Later in his book, Tinder addresses the struggle between moral absolutists and moral relativists[4]. He gives the example of a state organized assassination, and then proceeds to characterize each group’s reaction. The moral relativists, he explains, will “perhaps be undisturbed”, while the absolutists will be horrified. In his following comments, Tinder makes it clear that he feels, understandably, that by taking a hard-line approach to the issue, the absolutists are being naïve with respect to the complexities of the state system. Such absolutists, however, cannot all be considered naïve if they recognize that the state system is inherently corrupt and not compatible with proper human thought and behavior. The moral absolutist is only naïve if he/she is content with the existence of the state, for as it has already been proven, it is impossible for the state to be a moral institution. For this latter form of absolutism, Tinder claims that they may be inviting “an idealistic distortion of reality.”[5] Surely, he claims, humans would be unable to function properly if they were to be morally absolute at all times. Forget governing bodies, forming personal relationships would be a near impossible task. While this is true, it is hard to say that such a harsh reality (humans can never be perfectly moral) should imply that humankind give up on our moral seeking efforts and make due with super-human/super-moral institutions that currently govern countries like the United States of America. While perfect morality is impossible, it is not evident that near-perfect morality in a social system is doomed to the same fate.

Upon final review, it becomes quite apparent that due to their fundamental natures, governments cannot be held under the same moral limits as individuals. As long as the fundamental role of governments is the security of the people who entrust their power in them, moral behavior will constantly have to be compromised. The sheer level of power and responsibility held by governments in countries like the United States of America relegate most moral absolutists to the status of fools. Belief in a state system of government (or any system of government for that matter) and moral absolutism simply are not compatible. All of these harsh realities, however, only serve to highlight the imperfections of the current system of centralized governance and the need for change.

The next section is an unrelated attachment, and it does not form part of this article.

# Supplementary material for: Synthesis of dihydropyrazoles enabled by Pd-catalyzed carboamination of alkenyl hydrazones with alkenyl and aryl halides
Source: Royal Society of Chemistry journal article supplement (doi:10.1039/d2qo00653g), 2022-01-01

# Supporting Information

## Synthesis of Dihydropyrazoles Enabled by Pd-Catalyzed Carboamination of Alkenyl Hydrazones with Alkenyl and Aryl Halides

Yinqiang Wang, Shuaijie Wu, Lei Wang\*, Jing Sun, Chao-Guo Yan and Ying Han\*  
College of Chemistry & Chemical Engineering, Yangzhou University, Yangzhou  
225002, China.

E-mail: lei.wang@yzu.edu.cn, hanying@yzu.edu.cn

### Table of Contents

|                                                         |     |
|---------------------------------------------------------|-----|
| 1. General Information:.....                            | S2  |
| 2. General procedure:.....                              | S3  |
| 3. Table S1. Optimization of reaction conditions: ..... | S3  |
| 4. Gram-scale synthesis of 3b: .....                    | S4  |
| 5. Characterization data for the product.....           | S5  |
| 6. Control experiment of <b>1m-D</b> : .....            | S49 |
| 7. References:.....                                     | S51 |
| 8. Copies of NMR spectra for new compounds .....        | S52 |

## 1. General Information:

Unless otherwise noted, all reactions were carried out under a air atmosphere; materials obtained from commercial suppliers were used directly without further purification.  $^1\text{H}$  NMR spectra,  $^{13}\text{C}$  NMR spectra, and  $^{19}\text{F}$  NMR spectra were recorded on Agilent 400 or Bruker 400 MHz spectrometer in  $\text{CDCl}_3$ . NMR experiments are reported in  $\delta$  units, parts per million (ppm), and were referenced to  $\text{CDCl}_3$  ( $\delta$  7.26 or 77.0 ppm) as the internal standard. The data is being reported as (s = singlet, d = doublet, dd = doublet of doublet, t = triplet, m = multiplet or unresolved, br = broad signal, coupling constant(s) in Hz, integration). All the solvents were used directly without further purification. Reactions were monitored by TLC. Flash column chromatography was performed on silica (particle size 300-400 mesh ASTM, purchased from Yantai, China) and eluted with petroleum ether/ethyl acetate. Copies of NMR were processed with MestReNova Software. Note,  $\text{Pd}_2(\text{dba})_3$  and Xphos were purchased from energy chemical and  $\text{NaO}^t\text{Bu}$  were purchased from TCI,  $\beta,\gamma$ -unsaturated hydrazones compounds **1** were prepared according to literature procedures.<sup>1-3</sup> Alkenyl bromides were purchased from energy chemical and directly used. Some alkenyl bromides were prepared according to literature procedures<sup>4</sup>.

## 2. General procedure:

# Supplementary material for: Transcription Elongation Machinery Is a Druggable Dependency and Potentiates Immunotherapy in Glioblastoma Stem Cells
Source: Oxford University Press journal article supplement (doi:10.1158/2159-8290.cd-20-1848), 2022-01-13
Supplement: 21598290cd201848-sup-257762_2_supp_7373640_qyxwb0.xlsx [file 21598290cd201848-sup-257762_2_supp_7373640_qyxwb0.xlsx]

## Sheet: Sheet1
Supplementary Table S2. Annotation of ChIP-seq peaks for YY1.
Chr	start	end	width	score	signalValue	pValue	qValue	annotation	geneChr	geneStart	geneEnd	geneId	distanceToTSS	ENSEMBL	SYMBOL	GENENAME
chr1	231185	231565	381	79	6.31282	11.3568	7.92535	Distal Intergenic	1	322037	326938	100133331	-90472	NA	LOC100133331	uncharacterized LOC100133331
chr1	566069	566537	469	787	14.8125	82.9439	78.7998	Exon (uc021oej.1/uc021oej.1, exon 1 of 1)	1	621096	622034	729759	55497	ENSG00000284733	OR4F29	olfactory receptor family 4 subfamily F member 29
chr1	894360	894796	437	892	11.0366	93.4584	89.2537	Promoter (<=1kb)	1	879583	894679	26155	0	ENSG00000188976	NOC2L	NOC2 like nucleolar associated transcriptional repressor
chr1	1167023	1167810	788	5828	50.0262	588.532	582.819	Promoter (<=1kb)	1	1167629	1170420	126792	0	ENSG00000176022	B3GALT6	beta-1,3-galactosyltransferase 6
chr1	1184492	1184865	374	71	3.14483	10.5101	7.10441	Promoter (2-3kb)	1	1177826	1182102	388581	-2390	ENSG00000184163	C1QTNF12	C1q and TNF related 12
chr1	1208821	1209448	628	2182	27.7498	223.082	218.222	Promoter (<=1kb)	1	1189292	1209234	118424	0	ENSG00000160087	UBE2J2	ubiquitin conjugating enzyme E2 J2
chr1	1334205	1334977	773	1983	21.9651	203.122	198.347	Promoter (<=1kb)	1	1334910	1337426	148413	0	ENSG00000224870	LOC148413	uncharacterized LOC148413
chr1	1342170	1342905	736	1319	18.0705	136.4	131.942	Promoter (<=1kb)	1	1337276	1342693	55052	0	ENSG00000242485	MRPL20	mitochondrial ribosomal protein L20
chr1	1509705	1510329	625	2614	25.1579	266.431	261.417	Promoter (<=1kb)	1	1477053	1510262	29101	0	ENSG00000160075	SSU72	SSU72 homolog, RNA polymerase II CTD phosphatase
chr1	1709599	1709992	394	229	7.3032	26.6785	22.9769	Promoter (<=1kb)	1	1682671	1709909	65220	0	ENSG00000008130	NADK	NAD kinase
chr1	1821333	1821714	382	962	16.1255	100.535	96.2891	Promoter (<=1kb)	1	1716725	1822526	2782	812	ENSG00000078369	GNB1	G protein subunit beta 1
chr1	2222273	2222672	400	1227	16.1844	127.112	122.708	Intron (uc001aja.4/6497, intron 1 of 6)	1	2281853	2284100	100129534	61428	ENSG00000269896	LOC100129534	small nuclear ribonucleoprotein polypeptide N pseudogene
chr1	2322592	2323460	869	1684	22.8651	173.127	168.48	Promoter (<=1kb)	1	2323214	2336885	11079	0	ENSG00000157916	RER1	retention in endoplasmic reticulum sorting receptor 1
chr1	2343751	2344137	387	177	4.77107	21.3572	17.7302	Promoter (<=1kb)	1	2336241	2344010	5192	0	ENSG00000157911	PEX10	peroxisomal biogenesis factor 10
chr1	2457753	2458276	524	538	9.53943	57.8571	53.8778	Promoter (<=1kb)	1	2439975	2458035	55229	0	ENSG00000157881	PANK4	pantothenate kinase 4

[1] Locke, John. "Second Treatise of Civil Government ." Marxists Internet Archive.

[2] Rainsford, Sarah. "Turkish Anti-PKK Anger Mounts." BBC News.

[3] Tinder, Glenn. Political Thinking. 6th ed. Menlo Park, Cal.: Longman, 1995. 134

[4] Tinder, Glenn. Political Thinking. 6th ed. Menlo Park, Cal.: Longman, 1995. 136-139
[5] Ibid.


Jasper Yate said...

remind me to read this if i dont comment in the next ferw days i dont have time right now tho

Jasper Yate said...

its sort of long. it's an essay on torture, but he very articulatly defines what is at base a human right, and what is necessary for a government to protect, it's worth the read. it's also important to consider the formalist aspect which he doesn't quite do justice, though he is convincing. the problem here i think is the dichotemy between philosophy and ethics; both take a similar aproach or method in solving problems, but there's the missing link of epistemology such that the application of both is like trying to clean a wound with hydrogen gas and oxygen (the components of hydrogen peroxide) alone. quite simply put there is an epistemological issue that has never and potentially cannot ever be answered positively, that being the question of what is knowledge in the sense of knowing myself from anything else, or rather, that one cannot know in the fullest sense of clarity anything but what is in ones mind, this including sense perceptions that there ore separate things. the common response to this, which is why i cant quite relate ethics as an actual philosophy is (and i agree with this as of now) something like yea, but im better of accepting what it is that is presented to me as 'reality' and rolling with it, which in the minds of these most intelligent individuals is serving fellow humans. i agree, but i fail to see, nor do i think it can be seen, a connection with any serious philosophy, which makes morality and ethics somewhat of a capricious pursuit of what the more learned people of the world are conditioned to see as the best way to live a life

im not gonna comment yet on the overall idea, because im not quite clear on the whole super-human government thing, the question that comes to mind is that it is only people governing people, and it would seem only a psycological dispostition would be the cause of a semmingly ominous government, so if you could elaborate on that...

im not sure if youve read that essay i put the link for, but if you havent do, itll put persepctive on the word morality, you throw it around a little wrecklesssly - that might just be to me tho, cuz im more used to reading essays and books from people who spent their lives trying to define words like morality, but i think it would help for another essay if only for your own good and integrity of the essay to give a more solid definition of morality it's such a vague term by leaving it undefined you are letting less knowlegable people apply their definition and custom fit their morality to what they think is right and use your reasoning, which may be towards another end entirely, for their own vindication.